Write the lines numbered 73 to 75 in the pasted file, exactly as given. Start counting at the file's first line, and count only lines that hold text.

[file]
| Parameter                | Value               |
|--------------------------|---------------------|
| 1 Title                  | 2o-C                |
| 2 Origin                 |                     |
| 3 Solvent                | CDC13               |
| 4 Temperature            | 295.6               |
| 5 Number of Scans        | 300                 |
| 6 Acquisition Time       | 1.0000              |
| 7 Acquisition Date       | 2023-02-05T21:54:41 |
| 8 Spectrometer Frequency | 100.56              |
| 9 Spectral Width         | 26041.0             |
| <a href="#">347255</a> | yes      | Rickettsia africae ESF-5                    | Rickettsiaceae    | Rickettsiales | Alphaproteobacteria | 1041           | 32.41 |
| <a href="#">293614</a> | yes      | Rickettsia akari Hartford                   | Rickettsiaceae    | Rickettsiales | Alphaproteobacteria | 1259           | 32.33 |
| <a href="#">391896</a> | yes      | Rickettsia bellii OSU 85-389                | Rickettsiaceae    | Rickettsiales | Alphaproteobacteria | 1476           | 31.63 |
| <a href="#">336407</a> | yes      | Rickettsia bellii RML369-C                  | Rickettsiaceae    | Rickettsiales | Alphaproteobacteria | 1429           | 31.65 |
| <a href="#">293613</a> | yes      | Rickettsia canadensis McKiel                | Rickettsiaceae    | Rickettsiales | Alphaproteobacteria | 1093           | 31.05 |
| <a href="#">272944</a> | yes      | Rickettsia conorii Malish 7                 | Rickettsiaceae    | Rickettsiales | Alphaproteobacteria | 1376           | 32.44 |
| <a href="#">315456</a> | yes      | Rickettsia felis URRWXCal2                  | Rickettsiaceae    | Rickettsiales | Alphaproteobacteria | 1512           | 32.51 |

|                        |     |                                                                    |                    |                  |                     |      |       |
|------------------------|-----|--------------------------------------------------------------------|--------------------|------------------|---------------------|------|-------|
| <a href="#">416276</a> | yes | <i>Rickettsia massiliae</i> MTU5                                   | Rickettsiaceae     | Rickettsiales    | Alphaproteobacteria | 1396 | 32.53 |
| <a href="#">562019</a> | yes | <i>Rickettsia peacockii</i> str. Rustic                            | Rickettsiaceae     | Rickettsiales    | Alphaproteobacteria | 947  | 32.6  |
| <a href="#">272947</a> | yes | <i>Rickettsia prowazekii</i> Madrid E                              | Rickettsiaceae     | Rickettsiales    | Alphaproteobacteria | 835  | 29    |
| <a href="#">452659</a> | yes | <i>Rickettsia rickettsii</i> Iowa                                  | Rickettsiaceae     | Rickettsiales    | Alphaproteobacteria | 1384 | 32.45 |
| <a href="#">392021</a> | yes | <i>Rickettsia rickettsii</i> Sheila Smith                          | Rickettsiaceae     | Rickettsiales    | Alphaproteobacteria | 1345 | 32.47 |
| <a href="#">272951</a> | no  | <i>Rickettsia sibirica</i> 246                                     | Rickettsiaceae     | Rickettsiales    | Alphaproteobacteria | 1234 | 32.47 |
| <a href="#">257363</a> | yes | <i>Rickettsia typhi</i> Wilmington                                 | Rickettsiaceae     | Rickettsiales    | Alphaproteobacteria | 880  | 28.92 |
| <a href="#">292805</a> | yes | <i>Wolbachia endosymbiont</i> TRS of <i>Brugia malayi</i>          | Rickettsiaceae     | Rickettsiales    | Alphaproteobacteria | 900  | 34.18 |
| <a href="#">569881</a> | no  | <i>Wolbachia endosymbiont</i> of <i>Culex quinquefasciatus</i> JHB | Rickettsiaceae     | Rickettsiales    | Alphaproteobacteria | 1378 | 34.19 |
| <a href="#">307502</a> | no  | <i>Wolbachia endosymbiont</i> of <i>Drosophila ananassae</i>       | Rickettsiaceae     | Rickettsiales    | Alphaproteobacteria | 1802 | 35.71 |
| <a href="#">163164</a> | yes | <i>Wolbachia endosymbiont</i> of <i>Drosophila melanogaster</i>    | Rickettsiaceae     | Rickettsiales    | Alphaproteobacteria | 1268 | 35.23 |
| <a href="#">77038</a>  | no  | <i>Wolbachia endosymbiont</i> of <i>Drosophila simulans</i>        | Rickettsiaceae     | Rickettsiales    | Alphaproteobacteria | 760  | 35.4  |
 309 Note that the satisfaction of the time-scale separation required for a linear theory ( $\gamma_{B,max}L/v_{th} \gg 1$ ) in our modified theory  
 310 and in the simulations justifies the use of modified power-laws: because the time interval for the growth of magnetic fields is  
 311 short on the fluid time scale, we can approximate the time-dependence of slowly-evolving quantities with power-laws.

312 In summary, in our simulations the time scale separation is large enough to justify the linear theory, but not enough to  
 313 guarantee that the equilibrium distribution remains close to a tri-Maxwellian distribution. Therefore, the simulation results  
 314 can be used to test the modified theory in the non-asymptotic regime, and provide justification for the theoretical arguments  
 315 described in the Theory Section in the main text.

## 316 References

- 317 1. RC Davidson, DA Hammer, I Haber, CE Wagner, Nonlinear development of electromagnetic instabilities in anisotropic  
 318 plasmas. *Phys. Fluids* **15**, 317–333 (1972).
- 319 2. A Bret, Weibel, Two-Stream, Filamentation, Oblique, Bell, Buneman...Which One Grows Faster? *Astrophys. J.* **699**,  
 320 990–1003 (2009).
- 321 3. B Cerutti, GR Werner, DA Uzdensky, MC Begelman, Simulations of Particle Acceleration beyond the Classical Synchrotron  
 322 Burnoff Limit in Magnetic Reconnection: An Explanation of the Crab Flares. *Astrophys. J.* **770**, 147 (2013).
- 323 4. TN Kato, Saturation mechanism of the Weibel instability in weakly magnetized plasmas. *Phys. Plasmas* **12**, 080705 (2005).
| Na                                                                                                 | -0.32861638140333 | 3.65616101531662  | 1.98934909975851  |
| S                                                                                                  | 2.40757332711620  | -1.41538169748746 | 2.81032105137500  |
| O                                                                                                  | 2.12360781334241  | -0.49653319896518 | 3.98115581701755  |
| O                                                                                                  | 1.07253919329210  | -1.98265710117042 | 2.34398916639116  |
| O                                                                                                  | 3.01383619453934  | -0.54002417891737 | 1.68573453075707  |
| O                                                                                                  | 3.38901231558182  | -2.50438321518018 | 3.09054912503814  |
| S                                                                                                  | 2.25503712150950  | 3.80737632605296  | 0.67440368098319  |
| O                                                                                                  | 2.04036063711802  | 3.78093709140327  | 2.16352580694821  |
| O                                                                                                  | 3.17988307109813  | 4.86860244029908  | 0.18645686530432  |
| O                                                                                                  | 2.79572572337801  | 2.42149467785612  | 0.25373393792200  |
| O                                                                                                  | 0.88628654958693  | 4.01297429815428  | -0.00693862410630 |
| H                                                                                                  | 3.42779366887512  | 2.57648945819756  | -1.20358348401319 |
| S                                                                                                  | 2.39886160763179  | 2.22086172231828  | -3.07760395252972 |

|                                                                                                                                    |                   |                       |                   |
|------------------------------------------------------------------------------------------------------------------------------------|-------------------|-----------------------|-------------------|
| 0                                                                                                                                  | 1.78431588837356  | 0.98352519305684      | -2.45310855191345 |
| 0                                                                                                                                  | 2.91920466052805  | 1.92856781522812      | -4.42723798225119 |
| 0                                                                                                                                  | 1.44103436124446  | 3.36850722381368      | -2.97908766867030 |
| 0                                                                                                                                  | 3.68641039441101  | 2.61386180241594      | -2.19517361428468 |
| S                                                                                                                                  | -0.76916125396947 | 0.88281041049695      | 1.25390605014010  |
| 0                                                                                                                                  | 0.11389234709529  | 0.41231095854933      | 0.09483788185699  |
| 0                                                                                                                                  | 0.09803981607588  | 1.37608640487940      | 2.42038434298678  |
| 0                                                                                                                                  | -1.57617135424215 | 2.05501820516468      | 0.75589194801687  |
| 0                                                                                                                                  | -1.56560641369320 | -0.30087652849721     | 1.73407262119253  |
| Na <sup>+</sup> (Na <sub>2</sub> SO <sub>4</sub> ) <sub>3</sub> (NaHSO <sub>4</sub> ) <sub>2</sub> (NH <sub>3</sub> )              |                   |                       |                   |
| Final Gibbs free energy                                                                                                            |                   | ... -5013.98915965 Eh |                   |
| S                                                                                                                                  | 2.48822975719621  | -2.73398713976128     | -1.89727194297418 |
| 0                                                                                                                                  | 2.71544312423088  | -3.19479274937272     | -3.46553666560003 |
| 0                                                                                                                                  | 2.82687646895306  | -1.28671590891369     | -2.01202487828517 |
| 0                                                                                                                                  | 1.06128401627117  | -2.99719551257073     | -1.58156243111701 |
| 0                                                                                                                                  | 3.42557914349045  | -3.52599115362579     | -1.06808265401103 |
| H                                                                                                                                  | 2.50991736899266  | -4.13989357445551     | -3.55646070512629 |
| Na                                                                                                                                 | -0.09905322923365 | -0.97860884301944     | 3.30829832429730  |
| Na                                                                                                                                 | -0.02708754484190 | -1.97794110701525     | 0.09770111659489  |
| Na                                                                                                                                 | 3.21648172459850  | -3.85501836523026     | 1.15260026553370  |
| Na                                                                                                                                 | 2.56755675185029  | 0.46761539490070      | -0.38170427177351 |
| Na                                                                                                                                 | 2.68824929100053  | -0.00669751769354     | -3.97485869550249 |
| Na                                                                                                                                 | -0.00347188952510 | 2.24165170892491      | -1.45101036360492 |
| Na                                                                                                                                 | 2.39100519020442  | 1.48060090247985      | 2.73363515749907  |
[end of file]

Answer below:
| Final Gibbs free energy                                                                                                            |                   | ... -5013.98915965 Eh |                   |
| S                                                                                                                                  | 2.48822975719621  | -2.73398713976128     | -1.89727194297418 |
| 0                                                                                                                                  | 2.71544312423088  | -3.19479274937272     | -3.46553666560003 |